Stone age


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Stone age

  2. 2. HISTORY OF STONE HENGE:  Stonehenge is a prehistoric monument located in the English county of Wiltshire, about 2.0 miles (3.2 km) west of Amesbury and 8 miles (13 km) north of Salisbury. One of the most famous sites in the world, Stonehenge is composed of a circular setting of large standing stones set within earthworks. It is at the centre of the most dense complex of Neolithic and Bronze Age monuments in England, including several hundred Burial mounds.  Archaeologists believe the iconic stone monument was constructed anywhere from 3000 BC to 2000 BC, as described in the chronology below. Radiocarbon dating in 2008 suggested that the first stones were erected in 2400–2200 BC,[whilst another theory suggests that bluestones may have been erected at the site as early as 3000 BC.
  3. 3.  Mike Parker Pearson, leader of the Stonehenge Riverside Project based at Durrington Walls, noted that Stonehenge appears to have been associated with burial from the earliest period of its existence:  Stonehenge was a place of burial from its beginning to its zenith in the mid third millennium B.C. The cremation burial dating to Stonehenge's sarsen stones phase is likely just one of many from this later period of the monument's use and demonstrates that it was still very much a domain of the dead.
  4. 4. PROCESS OF CONSTRUCTION : FIRST STAGE :  The first Stonehenge was a large earthwork probably built around 3100 BC.  They formed a circle. Archaeologists found cremated human bones, but they were probably from part of a religious ceremony.  After that, the monument didn’t change until 1000 years later. SECOND STAGE :  It started around 2150 BC. About 82 bluestones from the Preseli mountains in south-west Wales were brought to the site. This journey was nearly 240 miles.  Once there, the stones were set up in the centre to make an incomplete
  5. 5. THIRD STAGE :  It started in 2000 BC. The Sarsen stones that they used were probably brought from the Marlborough Downs area near Avebury, about 25 miles north of Stonehenge.  These were placed in an outer circle. Inside the circle, there were also five trilithons, that still remain today. FINAL STAGE :  After 1500 BC the bluestones were moved into the horseshoe and circle that we see today.  Most of the bluestones have been removed or broken.
  6. 6. POSSIBLE THEORIES ABOUT STONE HENGE :  Stonehenge was an astronomical observatory : They could predict eclipses, lunar phases and seasons. Nevertheless, it was possible that it was not the original function because it took more than 1000 years to finish it.  Stonehenge was a cemetery : Scientists found human bones buried there.  Stonehenge was a religious temple People went there because the Druids could give them magic power and cure their illnesses.
  7. 7. INCREDIBLE THEORIES :  Stonehenge was built by Apollo’s followers who lived in the north of Europe and were documented in Greek mythology.  Stonehenge was a place where UFOs landed.  Stonehenge was created in the first years of the XX century to attract tourists.  Stonehenge was built by the wizard Merlin. He made it himself by raising the stones with his magical power.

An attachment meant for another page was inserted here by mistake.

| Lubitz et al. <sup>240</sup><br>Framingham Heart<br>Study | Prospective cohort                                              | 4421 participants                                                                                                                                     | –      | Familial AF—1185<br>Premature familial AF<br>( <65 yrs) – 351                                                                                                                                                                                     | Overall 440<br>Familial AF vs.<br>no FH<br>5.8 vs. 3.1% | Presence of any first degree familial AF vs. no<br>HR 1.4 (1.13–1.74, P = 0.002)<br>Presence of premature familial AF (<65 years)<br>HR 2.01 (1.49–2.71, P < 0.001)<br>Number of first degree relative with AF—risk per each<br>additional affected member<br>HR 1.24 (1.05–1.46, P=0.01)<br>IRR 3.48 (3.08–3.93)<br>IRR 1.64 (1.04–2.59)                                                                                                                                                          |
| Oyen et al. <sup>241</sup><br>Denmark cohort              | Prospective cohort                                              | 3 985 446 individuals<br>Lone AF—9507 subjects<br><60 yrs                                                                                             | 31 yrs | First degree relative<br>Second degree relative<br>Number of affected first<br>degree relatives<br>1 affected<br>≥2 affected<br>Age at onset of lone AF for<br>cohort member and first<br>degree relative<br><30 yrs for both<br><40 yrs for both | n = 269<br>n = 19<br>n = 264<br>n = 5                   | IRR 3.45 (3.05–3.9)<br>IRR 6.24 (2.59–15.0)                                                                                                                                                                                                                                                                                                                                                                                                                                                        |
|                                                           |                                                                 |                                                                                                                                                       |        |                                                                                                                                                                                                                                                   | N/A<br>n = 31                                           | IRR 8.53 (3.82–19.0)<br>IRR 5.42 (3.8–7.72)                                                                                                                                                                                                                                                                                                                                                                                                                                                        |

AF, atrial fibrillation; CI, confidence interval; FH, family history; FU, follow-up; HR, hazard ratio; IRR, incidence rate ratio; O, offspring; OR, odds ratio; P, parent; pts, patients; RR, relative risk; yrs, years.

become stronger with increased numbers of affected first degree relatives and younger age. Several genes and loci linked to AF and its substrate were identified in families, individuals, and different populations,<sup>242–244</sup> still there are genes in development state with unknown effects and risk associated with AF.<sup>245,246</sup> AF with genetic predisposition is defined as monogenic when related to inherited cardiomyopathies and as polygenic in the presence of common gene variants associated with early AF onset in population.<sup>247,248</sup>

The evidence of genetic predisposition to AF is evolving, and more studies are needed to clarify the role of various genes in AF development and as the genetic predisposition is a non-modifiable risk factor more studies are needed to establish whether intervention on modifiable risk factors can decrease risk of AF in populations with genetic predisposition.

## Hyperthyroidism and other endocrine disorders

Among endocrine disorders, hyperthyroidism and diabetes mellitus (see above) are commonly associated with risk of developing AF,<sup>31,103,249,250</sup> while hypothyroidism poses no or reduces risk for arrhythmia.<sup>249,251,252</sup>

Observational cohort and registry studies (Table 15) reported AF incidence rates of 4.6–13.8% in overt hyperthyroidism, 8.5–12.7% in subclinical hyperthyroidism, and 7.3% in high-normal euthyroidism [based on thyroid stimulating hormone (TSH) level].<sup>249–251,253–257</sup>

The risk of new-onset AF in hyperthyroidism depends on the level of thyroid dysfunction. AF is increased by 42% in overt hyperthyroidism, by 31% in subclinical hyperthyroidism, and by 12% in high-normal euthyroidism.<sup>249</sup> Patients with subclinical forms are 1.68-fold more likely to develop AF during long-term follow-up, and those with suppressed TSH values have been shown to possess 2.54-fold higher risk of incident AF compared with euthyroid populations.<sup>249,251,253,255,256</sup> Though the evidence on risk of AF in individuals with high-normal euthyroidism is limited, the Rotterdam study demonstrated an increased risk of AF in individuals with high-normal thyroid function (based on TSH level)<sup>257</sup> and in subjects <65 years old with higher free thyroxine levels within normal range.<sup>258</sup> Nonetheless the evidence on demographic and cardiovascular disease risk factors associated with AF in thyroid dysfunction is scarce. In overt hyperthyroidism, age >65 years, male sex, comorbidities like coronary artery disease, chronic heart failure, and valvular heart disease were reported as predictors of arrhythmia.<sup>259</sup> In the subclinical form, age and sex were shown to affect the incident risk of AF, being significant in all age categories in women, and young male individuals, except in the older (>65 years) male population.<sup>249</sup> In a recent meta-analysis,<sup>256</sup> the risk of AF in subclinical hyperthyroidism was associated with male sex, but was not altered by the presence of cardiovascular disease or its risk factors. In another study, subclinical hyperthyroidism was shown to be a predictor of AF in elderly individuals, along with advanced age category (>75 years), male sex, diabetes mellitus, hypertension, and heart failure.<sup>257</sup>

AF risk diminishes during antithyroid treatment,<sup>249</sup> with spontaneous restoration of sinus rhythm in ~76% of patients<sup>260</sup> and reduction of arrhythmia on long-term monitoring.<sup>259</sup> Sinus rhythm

8. 8. STONEHENGE 3 I (CA. 2600 BC) Stonehenge from the heelstone in 2007 with the 'Slaughter Stone' in the foreground. Stonehenge at sunset in 2004 Stonehenge in the late afternoon in 2008.
  9. 9. Plan of the central stone structure today. After Johnson 2008 Fisheye image of Stonehenge showing the circular layout Graffiti on the sarsen stones. Below are ancient carvings of a dagger and an axe
  10. 10. STONEHENGE 3 I (CA. 2600 BC)  Archaeological excavation has indicated that around 2600 BC, the builders abandoned timber in favour of stone and dug two concentric arrays of holes (the Q and R Holes) in the centre of the site. These stone sockets are only partly known (hence on present evidence are sometimes described as forming ‘crescents’); however, they could be the remains of a double ring. Again, there is little firm dating evidence for this phase. The holes held up to 80 standing stones (shown blue on the plan), only 43 of which can be traced today. The bluestones (some of which are made of dolerite, an igneous rock), were thought for much of the 20th century to have been transported by humans from the Preseli Hills, 150 miles (240 km) away in modern-day Pembrokeshire in Wales.
  11. 11.  Another theory that has recently gained support is that they were brought much nearer to the site as glacial erratics by the Irish Sea Glacier.Other standing stones may well have been small sarsens, used later as lintels. The stones, which weighed about four tons, consisted mostly of spotted Ordovician dolerite but included examples of rhyolite, tuff and volcanic and calcareous ash; in total around 20 different rock types are represented. Each monolith measures around 2 metres (6.6 ft) in height, between 1 m and 1.5 m (3.3–4.9 ft) wide and around 0.8 metres (2.6 ft) thick. What was to become known as the Altar Stone (1), is almost certainly derived from either Carmarthenshire or the Brecon Beacons and may have stood as a single large monolith.